A Conversation with Monica Pope: Woman, Chef, Entrepreneur … Inspiration.
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We’ve been talking with some entrepreneurs to get their story on owning their own business and advice for youth who will be opening their first business, a lemonade stand, across the nation this year. Our first talk is with Monica Pope.
Lemonade Day [LD]: Did you have a lemonade stand as a child?
Monica Pope [MP]: No, but I began young [as an entrepreneur]. I went around the neighborhood collecting recycling on my bike – even at a young age I was always eco-conscious. I also sold Bubble Yum in school [which was illegal but a great moneymaker].
LD: What was your first business and what inspired you to open it?
MP: It was April 1992 – The Touqe. I decided as a teenager that I was going to be a chef and have my own restaurant. I worked with my grandma to learn family food traditions. I’m currently writing a memoir. I want it to connect with family; the food system of the 70s – the way we ate in the 70s, the way we didn’t eat … and what was wrong – we need to get back to the dinner table.
LD: If you could give one piece of advice about starting a business to our young entrepreneurs setting up lemonade stands, what would it be?
MP: For me, it never was about a restaurant, it’s not the ordinary economy, but a Transformation Economy. Be unique, be different, without trying to be unusual; I’m very picky when I go into a another restaurant –where’s the feeling; where’s the person behind the restaurant? At farmer’s markets - it’s $15 for a table, I say ‘good luck making $100 profit in one day.’ Farmers are there to either make money or conveying something else – where they grew it … why they grew it. We’re craving real people doing real handmade things.
LD: Youth who participate in Lemonade Day must have a “caring adult” participate with them. How have your parents and family helped and supported you as an entrepreneur?
MP: My father was the first lawyer at my first restaurant. My family was my investors. I started my first restaurants with no money.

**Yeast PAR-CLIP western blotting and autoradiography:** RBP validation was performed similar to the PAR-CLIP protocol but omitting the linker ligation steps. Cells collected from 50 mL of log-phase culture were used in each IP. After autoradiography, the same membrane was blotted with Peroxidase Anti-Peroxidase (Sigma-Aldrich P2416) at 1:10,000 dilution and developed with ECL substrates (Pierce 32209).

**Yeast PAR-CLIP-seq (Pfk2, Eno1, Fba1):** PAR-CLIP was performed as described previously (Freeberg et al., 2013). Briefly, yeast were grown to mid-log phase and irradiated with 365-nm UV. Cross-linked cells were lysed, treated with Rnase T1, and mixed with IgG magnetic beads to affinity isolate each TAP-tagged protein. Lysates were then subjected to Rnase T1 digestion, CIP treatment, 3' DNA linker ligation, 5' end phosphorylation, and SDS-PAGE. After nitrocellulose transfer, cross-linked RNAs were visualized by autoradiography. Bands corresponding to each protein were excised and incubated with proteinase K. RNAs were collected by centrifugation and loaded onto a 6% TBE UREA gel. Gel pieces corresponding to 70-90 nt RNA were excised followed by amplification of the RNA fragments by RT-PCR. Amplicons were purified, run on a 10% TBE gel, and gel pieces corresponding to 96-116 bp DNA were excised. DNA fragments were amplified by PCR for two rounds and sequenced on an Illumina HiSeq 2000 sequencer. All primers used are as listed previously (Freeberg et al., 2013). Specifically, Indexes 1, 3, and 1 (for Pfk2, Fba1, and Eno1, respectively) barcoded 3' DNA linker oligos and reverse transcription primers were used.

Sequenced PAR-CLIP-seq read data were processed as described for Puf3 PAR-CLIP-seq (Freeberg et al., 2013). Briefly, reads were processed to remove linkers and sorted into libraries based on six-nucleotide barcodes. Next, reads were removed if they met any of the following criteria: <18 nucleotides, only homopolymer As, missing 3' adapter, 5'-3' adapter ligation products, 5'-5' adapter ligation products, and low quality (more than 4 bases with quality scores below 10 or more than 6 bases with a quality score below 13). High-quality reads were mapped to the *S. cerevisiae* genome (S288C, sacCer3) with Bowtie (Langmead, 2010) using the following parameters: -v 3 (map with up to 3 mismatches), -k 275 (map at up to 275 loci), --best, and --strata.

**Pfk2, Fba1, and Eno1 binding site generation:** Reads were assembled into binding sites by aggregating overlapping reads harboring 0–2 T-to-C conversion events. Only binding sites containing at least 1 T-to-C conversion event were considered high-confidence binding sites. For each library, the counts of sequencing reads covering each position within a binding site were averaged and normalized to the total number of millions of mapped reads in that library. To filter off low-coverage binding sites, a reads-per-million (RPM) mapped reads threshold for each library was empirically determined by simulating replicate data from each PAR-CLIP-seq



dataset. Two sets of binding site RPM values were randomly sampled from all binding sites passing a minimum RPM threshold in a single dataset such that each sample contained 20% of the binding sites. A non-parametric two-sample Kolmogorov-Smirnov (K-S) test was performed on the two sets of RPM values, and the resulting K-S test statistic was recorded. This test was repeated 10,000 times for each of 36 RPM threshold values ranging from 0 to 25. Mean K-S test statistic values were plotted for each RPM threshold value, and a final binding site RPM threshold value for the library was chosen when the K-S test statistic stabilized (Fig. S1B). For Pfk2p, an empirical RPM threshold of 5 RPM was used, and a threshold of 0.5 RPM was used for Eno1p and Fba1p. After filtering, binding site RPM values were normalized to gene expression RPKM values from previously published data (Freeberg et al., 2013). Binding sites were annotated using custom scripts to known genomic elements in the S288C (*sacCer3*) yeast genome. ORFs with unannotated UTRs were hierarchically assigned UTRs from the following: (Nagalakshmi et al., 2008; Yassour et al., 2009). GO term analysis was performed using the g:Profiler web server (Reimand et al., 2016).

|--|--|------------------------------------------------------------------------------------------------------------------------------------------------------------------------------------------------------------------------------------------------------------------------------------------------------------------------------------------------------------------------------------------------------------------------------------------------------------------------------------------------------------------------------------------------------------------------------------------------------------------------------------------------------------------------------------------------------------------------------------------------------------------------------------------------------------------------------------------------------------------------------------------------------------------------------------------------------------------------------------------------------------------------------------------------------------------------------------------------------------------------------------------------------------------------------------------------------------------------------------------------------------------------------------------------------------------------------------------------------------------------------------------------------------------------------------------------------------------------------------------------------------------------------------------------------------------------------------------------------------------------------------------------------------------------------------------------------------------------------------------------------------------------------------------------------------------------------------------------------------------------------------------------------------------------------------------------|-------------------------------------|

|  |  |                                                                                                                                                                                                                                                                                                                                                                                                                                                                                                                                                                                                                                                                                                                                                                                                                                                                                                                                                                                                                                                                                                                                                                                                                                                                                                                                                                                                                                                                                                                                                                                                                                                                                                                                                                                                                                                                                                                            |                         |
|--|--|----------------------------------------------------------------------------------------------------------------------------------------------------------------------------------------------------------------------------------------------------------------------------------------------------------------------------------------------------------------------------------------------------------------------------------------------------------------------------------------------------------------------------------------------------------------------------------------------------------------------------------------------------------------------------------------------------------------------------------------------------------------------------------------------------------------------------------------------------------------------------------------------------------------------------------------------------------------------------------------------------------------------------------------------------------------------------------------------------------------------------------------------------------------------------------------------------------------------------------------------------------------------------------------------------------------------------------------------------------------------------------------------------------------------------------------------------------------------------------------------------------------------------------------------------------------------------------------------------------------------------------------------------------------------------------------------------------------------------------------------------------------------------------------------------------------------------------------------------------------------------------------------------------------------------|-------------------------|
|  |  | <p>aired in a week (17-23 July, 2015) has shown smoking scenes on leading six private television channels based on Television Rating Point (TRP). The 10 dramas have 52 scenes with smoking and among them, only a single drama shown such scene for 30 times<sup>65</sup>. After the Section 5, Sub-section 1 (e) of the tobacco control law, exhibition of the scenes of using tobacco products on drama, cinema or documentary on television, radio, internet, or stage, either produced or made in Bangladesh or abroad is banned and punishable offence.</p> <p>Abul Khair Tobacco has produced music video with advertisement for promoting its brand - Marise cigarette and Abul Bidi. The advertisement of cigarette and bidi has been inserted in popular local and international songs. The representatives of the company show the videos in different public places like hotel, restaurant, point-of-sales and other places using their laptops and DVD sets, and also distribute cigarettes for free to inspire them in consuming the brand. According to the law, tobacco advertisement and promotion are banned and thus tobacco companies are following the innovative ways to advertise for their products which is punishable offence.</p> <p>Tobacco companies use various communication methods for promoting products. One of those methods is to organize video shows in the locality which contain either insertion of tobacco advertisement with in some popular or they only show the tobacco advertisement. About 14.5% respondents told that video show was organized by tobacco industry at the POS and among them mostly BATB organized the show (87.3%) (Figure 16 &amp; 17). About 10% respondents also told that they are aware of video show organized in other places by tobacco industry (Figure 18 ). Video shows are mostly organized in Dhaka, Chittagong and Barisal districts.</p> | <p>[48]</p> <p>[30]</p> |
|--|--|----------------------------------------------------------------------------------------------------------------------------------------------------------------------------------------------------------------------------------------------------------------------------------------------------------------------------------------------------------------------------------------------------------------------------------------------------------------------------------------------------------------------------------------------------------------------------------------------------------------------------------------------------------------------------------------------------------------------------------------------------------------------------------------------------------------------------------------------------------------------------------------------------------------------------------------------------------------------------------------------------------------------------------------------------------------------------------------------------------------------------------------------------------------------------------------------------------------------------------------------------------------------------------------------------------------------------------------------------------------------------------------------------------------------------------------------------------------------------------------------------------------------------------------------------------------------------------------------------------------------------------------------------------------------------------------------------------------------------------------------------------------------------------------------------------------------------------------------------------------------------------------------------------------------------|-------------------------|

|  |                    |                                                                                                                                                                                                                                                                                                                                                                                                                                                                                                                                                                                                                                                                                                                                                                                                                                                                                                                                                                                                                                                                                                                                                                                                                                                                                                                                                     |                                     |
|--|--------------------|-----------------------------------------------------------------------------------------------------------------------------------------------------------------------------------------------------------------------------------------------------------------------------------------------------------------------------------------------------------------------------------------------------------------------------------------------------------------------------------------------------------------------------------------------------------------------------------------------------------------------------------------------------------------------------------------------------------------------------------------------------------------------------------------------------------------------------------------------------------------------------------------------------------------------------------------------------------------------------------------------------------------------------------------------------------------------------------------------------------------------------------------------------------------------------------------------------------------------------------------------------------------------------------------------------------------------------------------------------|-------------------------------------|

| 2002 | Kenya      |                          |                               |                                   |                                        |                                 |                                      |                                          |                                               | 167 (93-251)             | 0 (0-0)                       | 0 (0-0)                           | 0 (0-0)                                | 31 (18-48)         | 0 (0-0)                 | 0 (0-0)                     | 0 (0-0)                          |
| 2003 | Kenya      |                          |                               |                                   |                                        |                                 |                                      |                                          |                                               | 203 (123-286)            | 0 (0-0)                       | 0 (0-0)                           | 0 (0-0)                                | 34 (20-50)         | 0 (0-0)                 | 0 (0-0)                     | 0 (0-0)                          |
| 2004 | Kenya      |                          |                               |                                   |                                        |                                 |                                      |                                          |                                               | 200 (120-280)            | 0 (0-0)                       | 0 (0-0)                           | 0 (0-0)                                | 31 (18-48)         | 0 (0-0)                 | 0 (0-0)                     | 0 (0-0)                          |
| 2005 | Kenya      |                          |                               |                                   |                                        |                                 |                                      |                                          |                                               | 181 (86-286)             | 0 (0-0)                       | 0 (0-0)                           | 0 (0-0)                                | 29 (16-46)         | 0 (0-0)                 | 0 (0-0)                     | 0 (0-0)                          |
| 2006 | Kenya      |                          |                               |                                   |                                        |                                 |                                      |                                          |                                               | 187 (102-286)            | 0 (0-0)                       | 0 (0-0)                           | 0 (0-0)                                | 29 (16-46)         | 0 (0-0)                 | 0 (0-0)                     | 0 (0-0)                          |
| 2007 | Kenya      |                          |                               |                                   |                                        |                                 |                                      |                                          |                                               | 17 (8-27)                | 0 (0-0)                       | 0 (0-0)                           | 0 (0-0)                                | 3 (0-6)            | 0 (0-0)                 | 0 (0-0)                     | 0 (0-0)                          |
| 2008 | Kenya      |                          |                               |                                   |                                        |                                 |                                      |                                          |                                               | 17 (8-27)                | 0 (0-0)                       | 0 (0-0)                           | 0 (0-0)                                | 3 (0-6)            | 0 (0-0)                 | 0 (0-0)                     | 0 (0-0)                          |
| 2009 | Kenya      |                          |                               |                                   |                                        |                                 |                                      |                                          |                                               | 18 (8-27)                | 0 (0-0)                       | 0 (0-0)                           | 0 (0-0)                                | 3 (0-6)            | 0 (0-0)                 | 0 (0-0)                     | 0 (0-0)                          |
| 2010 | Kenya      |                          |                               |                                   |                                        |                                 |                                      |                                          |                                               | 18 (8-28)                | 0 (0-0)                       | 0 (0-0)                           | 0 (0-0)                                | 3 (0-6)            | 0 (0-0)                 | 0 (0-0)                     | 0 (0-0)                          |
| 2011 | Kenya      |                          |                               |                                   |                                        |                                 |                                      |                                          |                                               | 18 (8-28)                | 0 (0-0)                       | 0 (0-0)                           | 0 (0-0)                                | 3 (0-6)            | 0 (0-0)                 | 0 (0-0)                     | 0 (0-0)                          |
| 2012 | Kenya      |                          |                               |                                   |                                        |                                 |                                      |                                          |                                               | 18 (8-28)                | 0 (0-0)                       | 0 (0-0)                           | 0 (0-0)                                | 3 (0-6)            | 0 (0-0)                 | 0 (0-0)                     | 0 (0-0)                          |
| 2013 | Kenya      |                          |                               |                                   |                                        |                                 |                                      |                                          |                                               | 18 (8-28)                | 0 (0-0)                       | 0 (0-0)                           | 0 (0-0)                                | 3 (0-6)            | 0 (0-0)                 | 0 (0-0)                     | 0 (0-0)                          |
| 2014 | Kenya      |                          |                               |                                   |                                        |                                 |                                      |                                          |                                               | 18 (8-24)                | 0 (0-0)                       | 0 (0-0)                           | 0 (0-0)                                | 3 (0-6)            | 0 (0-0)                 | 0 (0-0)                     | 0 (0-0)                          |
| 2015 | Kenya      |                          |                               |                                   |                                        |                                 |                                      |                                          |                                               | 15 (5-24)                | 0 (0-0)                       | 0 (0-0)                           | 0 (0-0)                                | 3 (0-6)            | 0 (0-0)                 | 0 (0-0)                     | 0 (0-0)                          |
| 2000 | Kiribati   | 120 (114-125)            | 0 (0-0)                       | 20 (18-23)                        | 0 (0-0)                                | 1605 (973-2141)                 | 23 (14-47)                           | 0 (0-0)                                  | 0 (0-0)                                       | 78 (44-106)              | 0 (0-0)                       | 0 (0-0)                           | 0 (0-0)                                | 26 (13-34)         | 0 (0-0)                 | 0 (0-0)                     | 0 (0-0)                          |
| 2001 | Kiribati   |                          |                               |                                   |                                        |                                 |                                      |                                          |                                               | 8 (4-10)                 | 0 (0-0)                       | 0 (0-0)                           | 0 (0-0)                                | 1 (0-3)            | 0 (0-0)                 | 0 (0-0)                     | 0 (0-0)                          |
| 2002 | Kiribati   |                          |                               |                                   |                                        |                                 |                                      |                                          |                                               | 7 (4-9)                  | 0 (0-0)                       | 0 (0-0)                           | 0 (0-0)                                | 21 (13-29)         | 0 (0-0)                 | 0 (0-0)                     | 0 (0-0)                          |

There was an agreement in my family. My mom took care of girls, my dad the boys. Mom prides herself that her daughters were successful – my sister created the internship program at the David Letterman show and then became a producer in a male dominated industry. I went to the top 5 restaurants at any city. Mom was creative and gave us freedom – go where you want to go, do what you want to do. I was the odd kid who went to college and still knew she wanted to open a restaurant. My parents were there to listen: to hear sad stories and success stories; to support me. And, of course, grandmother let me come work with her to learn family food.
LD: What do you enjoy about owning your own business?
MP: It’s a lot of work, with a lot of tasks but it’s amazing the opportunities that come your way and what you can achieve. You think you’re just barely staying alive. You don’t think you’re doing anything but you look back and you have a reputation. People come up and say “I’m such a fan.” I did things while I was just trying to survive. It’s hard every single day – it’s what life is about. I want my 8 year old to be engaged in life – even if she sucks at something, she has to do it. Some people start a business and only want to do one thing that they’re good at. I’ve done a lot of things that I’m not good at. If something doesn’t work, you have to figure out how to cook it or who can cook it right. I didn’t want to just cook and make money. I love everything that informs – I want to connect. I don’t want to live in the world and be numb and bored – I want to be excited – my daughter lives everyday to have pure joy – excited about everything. I want to love everything I do and bring joy to everyone. I think, “Is that possible everyday?”